Strengths and Limitations of This Review
First, we used a standardized methodology and robust quality criteria to evaluate the performance of currently available mental health assessment instruments. The Pesudovs framework was used because its simplified scoring system allows for a rigorous evaluation with more flexibility40 than other methods, such as the COSMIN checklist, which is based on the “worst score” principle. In addition, an adapted version of the Pesudovs framework for the evaluation of PREMs has been developed and used several times in other recent systematic reviews.41 To our knowledge, this is the first review to identify and evaluate instruments designed to measure the quality of mental health care from the patients’ perspective for a range of conditions and in multiple care settings. However, the completeness of the review may be questionable. We conducted our research from a single database due to limited access to other bibliographic databases. Nevertheless, MEDLINE may be considered to be the reference database in the health field. Second, we limited our searches to the English language. This language restriction was applied to obtain a homogeneous pool of items and to limit the costs associated with translation. However, we argue that our research is comprehensive because it was conducted without date limitations and identified instruments from 16 countries. In addition, the reference lists of articles included in the review were carefully reviewed, and additional relevant references could be retrieved. Third, the search key used may be questionable. Patient experience is a relatively recent term for which there is no commonly accepted definition and no appropriate MeSH thesaurus. When the terms used in the research combination were limited to “patient experience” and its derivatives, the number of results was small. We have therefore included terms related to patient satisfaction to broaden the scope of the results. Furthermore, the concept of quality of care is multidimensional, and the use of the indexed MeSH thesaurus (ie, “quality of health care”) has not made it possible to identify as many instruments as using a more general reading key. Despite these findings, the large number of instruments identified by the review supports the comprehensiveness of this work. Fourth, the assessment of the quality of the development process and psychometric properties depends on the quality and accuracy of publications. Some instruments may not have been properly evaluated due to insufficient reporting or inability to access some documents. Finally, the content analysis of the instruments was based on a 7-dimensional categorization derived from the data of the inductive qualitative analysis. Despite the rigorous methodology used, this categorization may be questionable. Nevertheless, these results are consistent with the dimensions commonly found in the documentation.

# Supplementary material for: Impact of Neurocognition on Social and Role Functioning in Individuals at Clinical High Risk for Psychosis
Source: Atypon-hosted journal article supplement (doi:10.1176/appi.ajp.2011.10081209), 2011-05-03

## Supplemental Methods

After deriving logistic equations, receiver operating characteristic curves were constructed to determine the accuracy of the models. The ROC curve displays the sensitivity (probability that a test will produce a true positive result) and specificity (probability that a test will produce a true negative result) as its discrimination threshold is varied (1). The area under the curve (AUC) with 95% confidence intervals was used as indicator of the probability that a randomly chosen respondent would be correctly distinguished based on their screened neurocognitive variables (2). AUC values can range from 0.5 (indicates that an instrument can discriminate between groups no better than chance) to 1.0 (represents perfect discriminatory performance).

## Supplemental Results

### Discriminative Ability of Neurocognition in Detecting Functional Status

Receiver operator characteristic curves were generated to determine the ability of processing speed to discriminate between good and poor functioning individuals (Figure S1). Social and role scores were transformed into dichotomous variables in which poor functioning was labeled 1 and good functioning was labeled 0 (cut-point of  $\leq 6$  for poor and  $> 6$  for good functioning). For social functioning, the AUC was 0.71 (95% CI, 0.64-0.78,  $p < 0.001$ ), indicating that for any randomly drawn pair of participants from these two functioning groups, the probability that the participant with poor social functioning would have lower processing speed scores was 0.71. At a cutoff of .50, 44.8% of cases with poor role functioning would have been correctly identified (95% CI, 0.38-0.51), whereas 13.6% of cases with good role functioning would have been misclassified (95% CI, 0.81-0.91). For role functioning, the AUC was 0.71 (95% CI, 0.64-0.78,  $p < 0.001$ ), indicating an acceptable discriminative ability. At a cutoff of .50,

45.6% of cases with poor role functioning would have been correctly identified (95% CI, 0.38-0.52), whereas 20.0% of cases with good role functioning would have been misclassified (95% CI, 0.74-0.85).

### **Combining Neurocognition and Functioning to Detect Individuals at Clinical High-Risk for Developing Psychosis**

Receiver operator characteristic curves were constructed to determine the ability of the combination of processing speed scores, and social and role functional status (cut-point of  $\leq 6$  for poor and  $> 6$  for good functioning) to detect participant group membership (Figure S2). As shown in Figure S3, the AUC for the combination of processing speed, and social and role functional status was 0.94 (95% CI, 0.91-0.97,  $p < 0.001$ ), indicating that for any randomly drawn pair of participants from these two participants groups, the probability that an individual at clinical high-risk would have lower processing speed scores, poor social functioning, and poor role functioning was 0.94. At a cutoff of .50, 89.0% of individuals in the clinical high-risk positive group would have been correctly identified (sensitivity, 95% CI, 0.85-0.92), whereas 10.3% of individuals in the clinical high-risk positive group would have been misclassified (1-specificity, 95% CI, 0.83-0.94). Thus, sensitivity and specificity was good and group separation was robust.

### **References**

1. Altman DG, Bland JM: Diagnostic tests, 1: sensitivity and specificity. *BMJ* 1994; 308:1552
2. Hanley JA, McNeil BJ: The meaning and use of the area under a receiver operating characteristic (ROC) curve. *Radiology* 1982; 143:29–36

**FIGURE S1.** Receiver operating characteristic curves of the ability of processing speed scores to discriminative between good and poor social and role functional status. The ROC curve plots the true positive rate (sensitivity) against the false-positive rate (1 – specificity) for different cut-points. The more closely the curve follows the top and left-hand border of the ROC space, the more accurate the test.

This work provides a description and a critical analysis of the available PREMs for mental health care that can help professionals choose PREMs that best suit their needs. This is a critical step in the creation of an item library to measure mental health care patient-reported experience that could be used in France and Europe to develop, validate, and standardize item banks and CAT using innovative technologies based on IRT.
Data Sharing Statement
The datasets used and/or analyzed during the current study are available from the corresponding author on reasonable request.
Bruno Aouizerate reports personal fees from Janssen-Cilag, Lilly, Sanofi, and Lundbeck, outside the submitted work. Pierre-Michel Llorca reports personal fees from lundbeck, otsuka, Sanofi, Recordatti, and Gedeon Richter, and personal fees and non-financial support from Janssen, outside the submitted work. The authors report no other possible conflicts of interest in this work.